Ah, thanks for driving the point home. Will killfile in due course (even if
only a blow-in in just this thread).
"I've got more trophies than Wayne Gretsky and the Pope combined!"
- Homer Simpson
Website @ http://webpages.charter.net/dawill/tmoranwms
Bob, Bob, Bob....
It does conduct. I know it conducts because
I've had to clean and repair hardware where
a capacitor burped up electrolyte onto circuitry.
Circuitry that didn't work anymore because the
electrolyte was conducting.
Please stop guessing.
Geee. I would take a few brain cells to conclude your cap was defective if
it burped. Ya' think that would be cause you have conductive electrolyte?
Maybe the electrolyte was full of carbon after the internal fault?
Go back and take some very basic electronics, or maybe just study some.
Electrolytes are not conductors of electricity in a capacitor.
OK.. let's start at the beginning.
A capacitor is two conductive metal plates separated by an insulating
medium. Now add electrolyte. Did ya' get a resistor? Ever put your ohmmeter
(do I need to explain an ohmmeter also?) across a capacitor? It measures
infinity after charging to the supply voltage because the electrolyte is an
See how that works? That wasn't too hard. Was it? Now try to remember for
next time. Are you an electrician too?
If you want to be insulting, make sure it isn't yourself you are ridiculing.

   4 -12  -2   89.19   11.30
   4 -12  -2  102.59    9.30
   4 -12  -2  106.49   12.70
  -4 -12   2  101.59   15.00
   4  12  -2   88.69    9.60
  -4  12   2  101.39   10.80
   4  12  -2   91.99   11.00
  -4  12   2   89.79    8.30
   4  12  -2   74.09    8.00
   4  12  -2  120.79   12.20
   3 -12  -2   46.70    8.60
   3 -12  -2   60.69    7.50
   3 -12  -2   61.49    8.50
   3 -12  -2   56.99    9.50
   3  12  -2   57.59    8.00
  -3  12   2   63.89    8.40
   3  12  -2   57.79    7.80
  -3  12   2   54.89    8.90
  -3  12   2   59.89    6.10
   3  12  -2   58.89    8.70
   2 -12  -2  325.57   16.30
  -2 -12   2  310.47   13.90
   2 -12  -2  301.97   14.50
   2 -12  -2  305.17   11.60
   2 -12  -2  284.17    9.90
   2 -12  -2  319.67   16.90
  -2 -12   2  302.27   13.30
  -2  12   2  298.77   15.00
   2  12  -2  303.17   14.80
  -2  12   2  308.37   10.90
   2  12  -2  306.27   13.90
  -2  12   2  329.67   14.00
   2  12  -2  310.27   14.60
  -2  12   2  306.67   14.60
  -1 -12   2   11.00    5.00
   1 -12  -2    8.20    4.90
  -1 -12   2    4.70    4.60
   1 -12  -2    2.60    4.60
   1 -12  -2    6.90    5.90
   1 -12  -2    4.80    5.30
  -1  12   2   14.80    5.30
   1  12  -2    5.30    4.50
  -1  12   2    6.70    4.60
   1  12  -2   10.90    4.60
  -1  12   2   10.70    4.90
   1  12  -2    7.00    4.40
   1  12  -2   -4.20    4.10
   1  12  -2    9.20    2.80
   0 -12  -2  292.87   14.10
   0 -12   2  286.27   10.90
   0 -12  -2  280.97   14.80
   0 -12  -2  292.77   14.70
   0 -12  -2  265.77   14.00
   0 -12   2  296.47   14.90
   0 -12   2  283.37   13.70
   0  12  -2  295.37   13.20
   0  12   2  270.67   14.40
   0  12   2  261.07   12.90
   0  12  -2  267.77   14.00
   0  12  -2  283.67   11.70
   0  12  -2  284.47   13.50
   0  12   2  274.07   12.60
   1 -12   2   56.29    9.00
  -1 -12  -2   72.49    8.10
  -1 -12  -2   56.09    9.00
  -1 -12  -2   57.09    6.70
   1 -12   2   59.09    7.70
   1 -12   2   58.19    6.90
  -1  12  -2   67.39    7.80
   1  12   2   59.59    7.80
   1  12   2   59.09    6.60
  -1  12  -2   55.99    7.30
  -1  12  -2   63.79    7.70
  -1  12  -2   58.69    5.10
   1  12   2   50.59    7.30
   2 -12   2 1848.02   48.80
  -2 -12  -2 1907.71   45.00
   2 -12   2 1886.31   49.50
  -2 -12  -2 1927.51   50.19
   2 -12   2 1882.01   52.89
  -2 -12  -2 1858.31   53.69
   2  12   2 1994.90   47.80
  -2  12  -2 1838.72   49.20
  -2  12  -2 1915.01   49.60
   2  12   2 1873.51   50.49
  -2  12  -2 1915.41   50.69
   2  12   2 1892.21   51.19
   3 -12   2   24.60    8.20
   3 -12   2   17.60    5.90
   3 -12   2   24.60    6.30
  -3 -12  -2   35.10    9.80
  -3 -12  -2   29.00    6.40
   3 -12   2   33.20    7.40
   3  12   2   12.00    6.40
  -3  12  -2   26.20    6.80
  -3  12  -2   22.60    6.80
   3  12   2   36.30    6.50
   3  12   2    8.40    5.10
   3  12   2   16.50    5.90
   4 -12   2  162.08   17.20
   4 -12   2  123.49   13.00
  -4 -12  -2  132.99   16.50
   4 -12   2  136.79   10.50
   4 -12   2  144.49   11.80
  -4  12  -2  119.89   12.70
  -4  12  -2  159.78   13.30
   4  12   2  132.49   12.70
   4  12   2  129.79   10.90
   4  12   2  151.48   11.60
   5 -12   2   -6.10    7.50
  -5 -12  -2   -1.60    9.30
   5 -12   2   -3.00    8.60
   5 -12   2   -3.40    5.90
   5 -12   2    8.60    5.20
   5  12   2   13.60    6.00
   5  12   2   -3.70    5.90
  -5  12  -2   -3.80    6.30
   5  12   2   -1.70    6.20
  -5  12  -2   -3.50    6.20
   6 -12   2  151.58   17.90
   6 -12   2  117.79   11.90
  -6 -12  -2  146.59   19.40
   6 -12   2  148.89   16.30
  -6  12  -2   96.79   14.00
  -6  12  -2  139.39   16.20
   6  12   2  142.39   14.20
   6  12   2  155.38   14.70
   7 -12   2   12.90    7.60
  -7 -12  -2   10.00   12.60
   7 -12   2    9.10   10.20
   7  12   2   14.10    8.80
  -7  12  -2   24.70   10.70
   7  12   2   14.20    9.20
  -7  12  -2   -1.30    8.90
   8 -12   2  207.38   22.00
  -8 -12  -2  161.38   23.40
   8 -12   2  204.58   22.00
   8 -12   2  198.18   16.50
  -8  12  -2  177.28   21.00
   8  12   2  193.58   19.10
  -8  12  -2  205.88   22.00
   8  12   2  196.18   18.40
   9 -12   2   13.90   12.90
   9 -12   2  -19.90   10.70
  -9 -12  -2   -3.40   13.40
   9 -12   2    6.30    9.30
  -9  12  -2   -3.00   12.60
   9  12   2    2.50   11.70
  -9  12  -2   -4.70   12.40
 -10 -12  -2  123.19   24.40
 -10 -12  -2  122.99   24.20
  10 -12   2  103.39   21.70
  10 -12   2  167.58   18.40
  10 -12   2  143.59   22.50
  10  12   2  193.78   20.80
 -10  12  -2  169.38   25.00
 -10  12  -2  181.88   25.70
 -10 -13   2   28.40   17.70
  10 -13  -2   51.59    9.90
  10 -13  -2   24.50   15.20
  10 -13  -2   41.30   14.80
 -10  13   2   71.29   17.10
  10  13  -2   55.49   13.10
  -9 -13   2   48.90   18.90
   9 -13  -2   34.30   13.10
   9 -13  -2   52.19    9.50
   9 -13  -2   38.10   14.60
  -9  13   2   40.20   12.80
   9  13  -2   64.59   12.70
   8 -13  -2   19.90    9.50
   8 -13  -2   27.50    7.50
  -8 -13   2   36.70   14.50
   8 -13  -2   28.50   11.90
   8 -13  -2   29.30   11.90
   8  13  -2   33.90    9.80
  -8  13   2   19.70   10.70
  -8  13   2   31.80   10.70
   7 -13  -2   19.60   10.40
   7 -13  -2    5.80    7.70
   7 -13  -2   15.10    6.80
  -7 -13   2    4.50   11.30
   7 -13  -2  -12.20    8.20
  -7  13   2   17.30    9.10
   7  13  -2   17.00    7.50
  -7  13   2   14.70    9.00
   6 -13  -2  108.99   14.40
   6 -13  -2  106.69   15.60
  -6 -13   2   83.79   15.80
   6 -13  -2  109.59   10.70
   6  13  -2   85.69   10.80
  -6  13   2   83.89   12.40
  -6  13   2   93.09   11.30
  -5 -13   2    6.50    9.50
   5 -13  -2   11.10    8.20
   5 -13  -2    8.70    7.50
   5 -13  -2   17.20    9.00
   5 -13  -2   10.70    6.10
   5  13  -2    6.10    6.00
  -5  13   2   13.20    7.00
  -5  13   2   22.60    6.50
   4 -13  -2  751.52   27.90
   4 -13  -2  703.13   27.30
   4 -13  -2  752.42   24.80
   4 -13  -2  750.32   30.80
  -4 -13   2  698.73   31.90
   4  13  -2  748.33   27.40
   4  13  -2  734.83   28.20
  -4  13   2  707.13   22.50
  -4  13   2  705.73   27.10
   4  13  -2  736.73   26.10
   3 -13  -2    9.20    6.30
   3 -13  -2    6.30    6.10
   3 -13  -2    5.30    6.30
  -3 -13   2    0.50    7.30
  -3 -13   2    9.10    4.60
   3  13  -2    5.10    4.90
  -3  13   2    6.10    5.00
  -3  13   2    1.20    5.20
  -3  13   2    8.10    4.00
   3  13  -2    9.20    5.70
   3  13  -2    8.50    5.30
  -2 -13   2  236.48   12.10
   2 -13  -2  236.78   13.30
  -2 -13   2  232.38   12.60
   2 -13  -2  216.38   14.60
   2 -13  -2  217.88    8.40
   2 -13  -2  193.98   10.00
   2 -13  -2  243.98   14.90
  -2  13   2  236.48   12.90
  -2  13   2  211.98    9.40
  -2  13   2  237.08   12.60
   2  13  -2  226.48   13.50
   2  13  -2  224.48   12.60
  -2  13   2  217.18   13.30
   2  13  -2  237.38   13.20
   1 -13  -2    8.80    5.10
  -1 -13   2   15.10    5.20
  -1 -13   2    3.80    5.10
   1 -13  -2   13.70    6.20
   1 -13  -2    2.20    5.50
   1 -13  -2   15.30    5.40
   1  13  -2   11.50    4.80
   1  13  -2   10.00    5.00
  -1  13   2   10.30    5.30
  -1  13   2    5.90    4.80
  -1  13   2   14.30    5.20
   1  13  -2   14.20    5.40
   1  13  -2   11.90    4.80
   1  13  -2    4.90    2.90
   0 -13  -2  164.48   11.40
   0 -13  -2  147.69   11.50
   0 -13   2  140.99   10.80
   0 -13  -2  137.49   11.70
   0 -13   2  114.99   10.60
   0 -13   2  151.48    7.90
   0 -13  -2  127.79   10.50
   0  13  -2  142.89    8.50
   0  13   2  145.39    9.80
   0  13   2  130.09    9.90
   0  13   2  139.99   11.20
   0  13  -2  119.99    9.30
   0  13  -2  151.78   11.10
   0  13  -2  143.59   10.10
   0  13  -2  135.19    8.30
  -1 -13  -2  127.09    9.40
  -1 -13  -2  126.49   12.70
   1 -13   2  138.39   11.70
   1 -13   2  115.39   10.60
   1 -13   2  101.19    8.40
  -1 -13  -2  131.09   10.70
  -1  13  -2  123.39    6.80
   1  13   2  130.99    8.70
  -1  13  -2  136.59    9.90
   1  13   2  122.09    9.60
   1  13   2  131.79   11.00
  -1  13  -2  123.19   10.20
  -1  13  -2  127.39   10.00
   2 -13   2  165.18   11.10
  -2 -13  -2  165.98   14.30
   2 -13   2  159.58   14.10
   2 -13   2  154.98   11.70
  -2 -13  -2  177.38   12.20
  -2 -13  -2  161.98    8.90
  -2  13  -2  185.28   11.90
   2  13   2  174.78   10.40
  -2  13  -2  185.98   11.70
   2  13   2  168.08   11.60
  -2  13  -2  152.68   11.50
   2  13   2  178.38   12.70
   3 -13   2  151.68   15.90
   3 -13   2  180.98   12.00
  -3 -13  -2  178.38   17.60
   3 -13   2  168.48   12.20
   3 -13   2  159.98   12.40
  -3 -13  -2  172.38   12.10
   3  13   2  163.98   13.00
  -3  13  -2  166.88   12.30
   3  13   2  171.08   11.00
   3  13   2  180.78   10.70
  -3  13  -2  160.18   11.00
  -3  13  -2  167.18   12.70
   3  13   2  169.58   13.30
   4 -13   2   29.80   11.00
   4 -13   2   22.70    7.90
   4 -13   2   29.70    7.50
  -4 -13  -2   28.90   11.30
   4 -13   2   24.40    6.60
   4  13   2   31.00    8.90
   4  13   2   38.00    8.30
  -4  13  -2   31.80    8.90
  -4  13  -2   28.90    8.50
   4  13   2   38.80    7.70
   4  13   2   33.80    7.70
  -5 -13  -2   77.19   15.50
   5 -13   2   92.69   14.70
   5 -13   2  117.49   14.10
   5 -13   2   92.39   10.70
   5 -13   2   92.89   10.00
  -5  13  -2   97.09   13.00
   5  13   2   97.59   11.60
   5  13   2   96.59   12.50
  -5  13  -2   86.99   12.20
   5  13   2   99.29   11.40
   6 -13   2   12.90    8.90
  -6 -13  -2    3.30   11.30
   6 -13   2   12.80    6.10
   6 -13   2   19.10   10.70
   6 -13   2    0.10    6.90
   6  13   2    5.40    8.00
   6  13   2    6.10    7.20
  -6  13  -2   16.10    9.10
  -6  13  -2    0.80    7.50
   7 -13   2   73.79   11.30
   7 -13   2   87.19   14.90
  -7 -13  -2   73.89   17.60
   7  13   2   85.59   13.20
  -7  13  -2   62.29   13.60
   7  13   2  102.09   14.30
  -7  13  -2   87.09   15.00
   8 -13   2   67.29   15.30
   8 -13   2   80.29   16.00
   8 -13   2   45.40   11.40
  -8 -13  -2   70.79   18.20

You truly amaze. This is the second bit of misinformation in just a few
hours. Electrolytes make pretty GOOD conductors. That's probably WHY they
are called electrolytes. Now, sometimes we DON'T want current to flow, so
the **DIELECTRIC** was invented.
In some (all?) electrolytic caps, the dielectric is an oxide layer.. This is
a very thin layer that allows good storage capacity in a smaller physical
size. The conductive electrolyte makes up the negative side of the thing.
How does it feel to know so much and be WRONG about all of it?
The trouble with people is not that they don't know but that they know so
much that ain't so.
It reads infinity because there's an oxide
layer on the anode. Oxide, at least in this
case, is an insulator.
I can play with the big wires or the small wires.
Same electrons either way.
Trying real hard not to...
here's a quote from the Elna capacitor
Aluminum electrolytic capacitors are made by layering the electrolytic
paper between the anode and cathode foils, and then coiling the result.
The process of preparing an electrode facing the etched anode foil
surface is extremely difficult. Therefore, the opposing electrode is
created by filling the structure with an electrolyte. Due to this
process, the electrolyte essentially functions as the cathode. The basic